McDonnell trial latest: In the latest effort by former Virginia Gov. Bob McDonnell’s defense team to play up divisions between the former governor and his wife, McDonnell’s sister, who shares a name with his wife, took to the stand Tuesday, testifying, as the Washington Post writes, that “his marriage was more strained than his finances.” The defense, which began Monday, is arguing that the McDonnells’ relationship was too fraught to be behind an organized public corruption scheme, and that the governor was duped by the former first lady Maureen McDonnell and businessman Jonnie Williams, whose gifts to the couple, and to Maureen particularly, were lavish. Still to come is the likely testimony from McDonnell himself, expected toward the end of the defense, as soon as this week. First though, a forensic accountant will be back in court Wednesday in an attempt to allay accusations that the McDonnells accepted gifts out of financial desperation.

Daily Presidential Trivia: On this day in 1833, future President Benjamin Henry Harrison was born. Harrison lost the popular vote, but won the election; how many presidents have done that? Be the first to Tweet us the correct answer using #PoliticsTrivia and you’ll get a Morning Line shout-out. Congratulations to Lee Clausen ‏(@LeeClausen) and Ray Caliendo ‏(@rjcaliendo) for guessing Tuesday’s trivia: What was Bill Clinton’s name at birth? The answer was: William Jefferson Blythe, III.

LINE ITEMS

  • President Obama told advisers this week that the situation in Iraq would not affect his deadline to withdraw troops from Afghanistan.

  • Eleven people living in the United States illegally plan to ask Homeland Security Secretary Jeh Johnson for deportation deferrals on Wednesday, in an attempt to pressure the administration to reduce deportations for millions of immigrants.

  • Because of different experiences and personal backgrounds, Mr. Obama and Attorney General Eric Holder are approaching Ferguson and underlying racial issues differently.

  • Texas Gov. Rick Perry has assembled a high-powered legal team, but it’s not yet clear how much of the legal bill taxpayers will be footing. After Perry was booked by authorities last night in Travis County, Texas, the governor treated himself to some ice cream.

  • New Hampshire Republicans credit the indictment with inspiring more interest in Perry’s visit to the Granite State this Friday. It will be his first time in the state since the 2012 campaign, on which he’s more focused helping voters forget.

  • In an interview with Politico, Senate Minority Leader Mitch McConnell laid out a legislative strategy to curtail Mr. Obama’s power, namely attaching policy riders to spending bills, and if the president doesn’t accept them, risking another government shutdown.

  • Roll Call’s Emily Kahn looks at the potential drag Illinois Gov. Pat Quinn could have this fall on Democratic congressional candidates in his state.

  • One of the men running against South Carolina Sen. Lindsey Graham is not your typical southern, red-state Democrat, and that’s one reason State Sen. Brad Hutto thinks he has a shot.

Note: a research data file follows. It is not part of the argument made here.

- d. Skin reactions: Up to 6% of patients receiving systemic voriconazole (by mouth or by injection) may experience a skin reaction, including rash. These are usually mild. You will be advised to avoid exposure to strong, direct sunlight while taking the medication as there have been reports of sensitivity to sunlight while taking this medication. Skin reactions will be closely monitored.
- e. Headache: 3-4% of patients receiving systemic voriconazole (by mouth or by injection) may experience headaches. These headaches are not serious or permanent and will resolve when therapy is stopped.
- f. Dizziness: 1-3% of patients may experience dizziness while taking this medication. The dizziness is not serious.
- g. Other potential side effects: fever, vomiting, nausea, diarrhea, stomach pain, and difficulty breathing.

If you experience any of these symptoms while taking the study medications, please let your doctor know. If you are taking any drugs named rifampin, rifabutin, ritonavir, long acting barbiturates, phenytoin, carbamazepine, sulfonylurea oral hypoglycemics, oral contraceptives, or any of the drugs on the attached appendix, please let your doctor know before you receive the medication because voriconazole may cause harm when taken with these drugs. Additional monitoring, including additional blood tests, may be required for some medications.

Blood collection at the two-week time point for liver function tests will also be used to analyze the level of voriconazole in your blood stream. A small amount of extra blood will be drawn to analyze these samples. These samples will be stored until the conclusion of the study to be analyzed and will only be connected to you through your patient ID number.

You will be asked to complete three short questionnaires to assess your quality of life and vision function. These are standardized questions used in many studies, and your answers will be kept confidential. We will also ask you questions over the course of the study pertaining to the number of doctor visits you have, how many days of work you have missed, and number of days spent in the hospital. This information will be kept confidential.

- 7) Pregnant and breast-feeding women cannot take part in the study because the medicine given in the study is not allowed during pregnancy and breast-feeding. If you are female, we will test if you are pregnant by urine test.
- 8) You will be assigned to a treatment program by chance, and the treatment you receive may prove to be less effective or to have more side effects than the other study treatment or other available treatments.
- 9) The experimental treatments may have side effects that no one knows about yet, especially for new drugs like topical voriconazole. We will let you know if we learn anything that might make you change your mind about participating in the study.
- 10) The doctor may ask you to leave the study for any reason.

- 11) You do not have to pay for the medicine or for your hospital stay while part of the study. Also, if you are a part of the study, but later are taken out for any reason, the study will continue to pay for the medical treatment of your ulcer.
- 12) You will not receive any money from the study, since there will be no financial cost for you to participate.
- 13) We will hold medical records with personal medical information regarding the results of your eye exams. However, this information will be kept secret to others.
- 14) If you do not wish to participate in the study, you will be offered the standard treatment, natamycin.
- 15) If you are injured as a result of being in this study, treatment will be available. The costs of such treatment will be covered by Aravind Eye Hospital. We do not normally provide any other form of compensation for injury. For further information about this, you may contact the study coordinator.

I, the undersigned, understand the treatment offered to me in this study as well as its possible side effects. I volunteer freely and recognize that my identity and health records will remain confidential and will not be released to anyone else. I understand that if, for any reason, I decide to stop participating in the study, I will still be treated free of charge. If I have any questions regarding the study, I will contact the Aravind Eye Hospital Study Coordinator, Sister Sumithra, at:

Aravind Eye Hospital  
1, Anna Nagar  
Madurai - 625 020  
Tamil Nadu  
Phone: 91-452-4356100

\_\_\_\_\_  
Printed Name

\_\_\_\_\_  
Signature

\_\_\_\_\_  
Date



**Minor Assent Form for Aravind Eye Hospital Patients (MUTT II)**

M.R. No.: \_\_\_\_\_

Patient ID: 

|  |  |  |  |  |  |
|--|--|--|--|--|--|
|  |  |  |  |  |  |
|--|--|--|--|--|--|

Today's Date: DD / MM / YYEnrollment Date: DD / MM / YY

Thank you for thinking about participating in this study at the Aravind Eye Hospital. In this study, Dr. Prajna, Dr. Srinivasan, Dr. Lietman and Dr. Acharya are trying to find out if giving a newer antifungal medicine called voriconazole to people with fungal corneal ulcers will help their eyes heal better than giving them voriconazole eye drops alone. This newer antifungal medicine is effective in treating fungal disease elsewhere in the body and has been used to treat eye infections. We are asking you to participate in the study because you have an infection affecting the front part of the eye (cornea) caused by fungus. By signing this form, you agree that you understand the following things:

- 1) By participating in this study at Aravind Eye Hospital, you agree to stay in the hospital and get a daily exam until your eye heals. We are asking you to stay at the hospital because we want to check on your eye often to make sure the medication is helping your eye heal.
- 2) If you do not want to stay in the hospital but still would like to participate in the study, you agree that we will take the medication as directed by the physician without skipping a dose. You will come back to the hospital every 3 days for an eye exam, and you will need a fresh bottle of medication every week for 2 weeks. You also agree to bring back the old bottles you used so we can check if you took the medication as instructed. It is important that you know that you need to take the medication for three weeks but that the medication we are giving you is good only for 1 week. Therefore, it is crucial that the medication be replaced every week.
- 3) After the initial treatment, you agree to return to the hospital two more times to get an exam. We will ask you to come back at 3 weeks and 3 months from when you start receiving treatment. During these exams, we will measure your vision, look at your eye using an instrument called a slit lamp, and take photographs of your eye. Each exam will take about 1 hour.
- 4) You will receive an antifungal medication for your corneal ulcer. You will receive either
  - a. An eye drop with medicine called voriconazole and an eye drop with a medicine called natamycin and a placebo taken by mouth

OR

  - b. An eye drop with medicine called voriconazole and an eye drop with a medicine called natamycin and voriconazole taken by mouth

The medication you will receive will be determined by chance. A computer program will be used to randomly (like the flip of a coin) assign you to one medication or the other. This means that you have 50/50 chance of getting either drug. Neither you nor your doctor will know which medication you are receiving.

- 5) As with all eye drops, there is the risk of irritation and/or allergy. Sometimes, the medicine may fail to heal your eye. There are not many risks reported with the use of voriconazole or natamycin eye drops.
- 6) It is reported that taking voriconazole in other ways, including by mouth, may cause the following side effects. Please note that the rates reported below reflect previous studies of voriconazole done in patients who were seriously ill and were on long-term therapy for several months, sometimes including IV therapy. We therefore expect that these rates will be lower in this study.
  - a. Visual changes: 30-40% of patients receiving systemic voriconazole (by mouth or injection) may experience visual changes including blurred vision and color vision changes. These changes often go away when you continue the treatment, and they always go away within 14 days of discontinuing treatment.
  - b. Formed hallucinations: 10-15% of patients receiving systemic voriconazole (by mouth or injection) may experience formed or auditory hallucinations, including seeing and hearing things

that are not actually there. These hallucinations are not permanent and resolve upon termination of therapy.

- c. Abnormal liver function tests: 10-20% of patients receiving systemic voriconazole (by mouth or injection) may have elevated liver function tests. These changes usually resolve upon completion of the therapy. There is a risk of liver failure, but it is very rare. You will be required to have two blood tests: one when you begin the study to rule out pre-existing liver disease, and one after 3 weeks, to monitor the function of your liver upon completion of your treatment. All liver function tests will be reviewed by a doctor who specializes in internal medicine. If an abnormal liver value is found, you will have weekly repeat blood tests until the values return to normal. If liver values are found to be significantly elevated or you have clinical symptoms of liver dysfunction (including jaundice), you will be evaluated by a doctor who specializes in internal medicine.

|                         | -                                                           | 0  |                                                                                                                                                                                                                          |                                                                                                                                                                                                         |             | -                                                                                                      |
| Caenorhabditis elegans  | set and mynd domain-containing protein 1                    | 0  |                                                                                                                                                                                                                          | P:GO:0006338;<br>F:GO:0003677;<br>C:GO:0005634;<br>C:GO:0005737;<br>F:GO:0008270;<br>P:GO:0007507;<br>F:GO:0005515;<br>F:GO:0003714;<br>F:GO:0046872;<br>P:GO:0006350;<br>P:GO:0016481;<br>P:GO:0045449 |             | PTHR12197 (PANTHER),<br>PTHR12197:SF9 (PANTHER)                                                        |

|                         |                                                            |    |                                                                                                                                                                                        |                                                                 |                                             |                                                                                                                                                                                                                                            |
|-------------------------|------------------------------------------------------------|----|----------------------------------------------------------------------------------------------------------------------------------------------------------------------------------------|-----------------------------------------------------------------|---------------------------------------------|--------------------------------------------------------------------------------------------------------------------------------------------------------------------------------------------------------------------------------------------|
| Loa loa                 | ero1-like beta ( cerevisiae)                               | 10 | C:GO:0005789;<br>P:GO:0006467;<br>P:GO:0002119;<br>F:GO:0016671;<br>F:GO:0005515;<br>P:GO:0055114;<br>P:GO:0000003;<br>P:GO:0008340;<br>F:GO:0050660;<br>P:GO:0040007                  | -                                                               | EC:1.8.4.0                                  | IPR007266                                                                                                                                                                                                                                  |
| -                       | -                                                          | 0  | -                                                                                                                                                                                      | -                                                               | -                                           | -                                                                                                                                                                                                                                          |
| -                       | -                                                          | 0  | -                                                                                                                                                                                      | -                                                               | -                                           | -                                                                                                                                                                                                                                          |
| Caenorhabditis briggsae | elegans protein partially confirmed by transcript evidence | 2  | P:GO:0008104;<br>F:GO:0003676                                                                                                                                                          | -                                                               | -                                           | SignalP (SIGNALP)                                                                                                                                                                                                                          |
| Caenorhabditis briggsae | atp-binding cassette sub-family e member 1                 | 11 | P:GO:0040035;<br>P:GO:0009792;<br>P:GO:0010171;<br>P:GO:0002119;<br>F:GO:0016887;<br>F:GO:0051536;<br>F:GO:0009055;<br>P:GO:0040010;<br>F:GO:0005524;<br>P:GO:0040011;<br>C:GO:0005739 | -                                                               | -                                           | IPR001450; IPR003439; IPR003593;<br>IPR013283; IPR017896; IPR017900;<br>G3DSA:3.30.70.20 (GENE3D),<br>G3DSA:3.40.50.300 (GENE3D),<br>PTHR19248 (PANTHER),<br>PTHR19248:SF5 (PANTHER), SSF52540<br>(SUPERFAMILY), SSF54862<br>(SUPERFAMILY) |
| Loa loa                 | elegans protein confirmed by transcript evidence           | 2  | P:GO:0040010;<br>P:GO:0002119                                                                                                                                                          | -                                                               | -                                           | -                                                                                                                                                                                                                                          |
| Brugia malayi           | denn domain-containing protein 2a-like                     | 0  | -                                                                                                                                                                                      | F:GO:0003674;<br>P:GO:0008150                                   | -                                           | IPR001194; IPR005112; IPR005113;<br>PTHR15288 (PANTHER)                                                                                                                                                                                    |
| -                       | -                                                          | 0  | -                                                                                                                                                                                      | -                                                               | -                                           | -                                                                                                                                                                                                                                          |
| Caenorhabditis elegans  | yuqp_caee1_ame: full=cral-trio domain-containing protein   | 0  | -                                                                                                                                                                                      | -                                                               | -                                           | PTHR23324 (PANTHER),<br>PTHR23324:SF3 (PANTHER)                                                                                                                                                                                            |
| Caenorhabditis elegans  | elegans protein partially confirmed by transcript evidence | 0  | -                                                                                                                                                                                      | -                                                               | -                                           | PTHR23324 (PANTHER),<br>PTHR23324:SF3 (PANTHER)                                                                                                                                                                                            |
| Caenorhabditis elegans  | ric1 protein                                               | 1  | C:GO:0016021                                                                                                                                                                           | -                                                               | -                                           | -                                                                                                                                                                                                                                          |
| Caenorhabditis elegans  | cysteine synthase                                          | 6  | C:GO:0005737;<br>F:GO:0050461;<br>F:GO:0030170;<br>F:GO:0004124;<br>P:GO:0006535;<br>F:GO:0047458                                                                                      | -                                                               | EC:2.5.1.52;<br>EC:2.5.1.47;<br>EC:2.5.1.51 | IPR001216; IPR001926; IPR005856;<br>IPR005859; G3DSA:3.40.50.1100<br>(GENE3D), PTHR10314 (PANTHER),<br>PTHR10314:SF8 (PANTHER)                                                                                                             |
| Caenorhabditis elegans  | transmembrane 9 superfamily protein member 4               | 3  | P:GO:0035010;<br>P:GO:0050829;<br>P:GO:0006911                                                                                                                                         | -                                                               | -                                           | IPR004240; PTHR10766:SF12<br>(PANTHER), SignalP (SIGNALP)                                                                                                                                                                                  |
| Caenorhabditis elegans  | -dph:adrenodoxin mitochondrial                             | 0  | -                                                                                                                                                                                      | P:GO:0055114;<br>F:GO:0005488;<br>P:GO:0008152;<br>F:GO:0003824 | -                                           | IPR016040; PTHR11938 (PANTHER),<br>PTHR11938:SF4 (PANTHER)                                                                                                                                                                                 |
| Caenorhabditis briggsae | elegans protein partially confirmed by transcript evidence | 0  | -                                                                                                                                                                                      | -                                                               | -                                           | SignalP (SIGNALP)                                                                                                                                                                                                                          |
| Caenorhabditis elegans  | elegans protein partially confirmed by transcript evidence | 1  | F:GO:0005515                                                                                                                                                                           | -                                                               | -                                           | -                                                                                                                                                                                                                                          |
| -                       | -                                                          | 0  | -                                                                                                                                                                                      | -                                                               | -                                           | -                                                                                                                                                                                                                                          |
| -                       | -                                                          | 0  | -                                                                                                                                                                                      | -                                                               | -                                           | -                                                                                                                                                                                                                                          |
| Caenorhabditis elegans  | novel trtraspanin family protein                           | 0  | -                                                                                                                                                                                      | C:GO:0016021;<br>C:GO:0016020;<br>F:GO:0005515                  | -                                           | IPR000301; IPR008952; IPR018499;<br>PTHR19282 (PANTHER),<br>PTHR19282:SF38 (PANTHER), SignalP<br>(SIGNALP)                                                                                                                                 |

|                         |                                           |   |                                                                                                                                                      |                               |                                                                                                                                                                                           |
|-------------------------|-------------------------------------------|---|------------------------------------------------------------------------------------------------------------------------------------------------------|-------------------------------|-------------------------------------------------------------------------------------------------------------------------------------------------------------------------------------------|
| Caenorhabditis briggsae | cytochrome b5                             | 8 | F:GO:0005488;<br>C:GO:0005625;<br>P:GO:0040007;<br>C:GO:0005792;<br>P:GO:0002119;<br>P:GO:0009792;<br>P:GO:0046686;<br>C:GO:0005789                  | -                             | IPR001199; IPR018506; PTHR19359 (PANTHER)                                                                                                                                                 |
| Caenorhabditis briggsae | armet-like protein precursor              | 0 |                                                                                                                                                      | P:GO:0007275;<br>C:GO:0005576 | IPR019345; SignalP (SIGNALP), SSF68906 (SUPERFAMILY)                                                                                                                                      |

• Georgia Democrat Michelle Nunn’s campaign released a David Perdue attack ad that looks suspiciously similar to a Mitt Romney attack ad from 2012. That’s because Nunn hired the same political consulting firm used by Priorities USA, the Democratic PAC, during the last presidential election.

  • The National Rifle Association is launching a multi-million dollar ad campaign to discredit former New York City Mayor Michael Bloomberg ahead of the midterm elections.

  • According to data from the Pew Charitable Trust, there are no states where the rate of employment has gone up since the 2009 recession.

  • Comity on the Hill has gone the way of the Senate dining room, which is used less frequently by a polarized Congress.

  • David Plouffe, Mr. Obama’s former campaign manager and White House adviser, is heading to Uber as a senior vice president.

  • Vice President Biden is coming to the rescue of Connecticut Gov. Dannel Malloy Wednesday. While in the Nutmeg State, he’ll also attend fundraisers for the Democratic Governors Association and the state Democratic party.

  • The National Republican Senatorial Committee charges Arkansas Sen. Mark Pyror with voting “to give Social Security benefits to illegal immigrants” in a new independent expenditure ad. In North Carolina, the NRSC is launching a coordinated ad campaign with State House Speaker Thom Tillis.

  • Environmentalists are split about whether biofeuls are better or worse than gasoline, but billionaire activist Tom Steyer has chosen a side, attacking Iowa GOP nominee Joni Ernst in an ad Tuesday for taking money from big oil and not defending the biofuel mandate.

  • Half the Senate is urging the postal service to hold off on further cutbacks, at least until lawmakers are able to hammer out a comprehensive reform for the U.S.P.S.’s finances.

  • A WPRI/Providence Journal poll released Wednesday shows a tight Democratic field for the state’s gubernatorial primary, with General Treasurer Gina Raimondo overtaking Providence Mayor Angel Taveras.

  • Keep an eye on the Rundown blog for breaking news throughout the day, our home page for show segments, and follow @NewsHour for the latest.

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Questions or comments? Email Domenico Montanaro at dmontanaro-at-newshour-dot-org or Terence Burlij at tburlij-at-newshour-dot-org.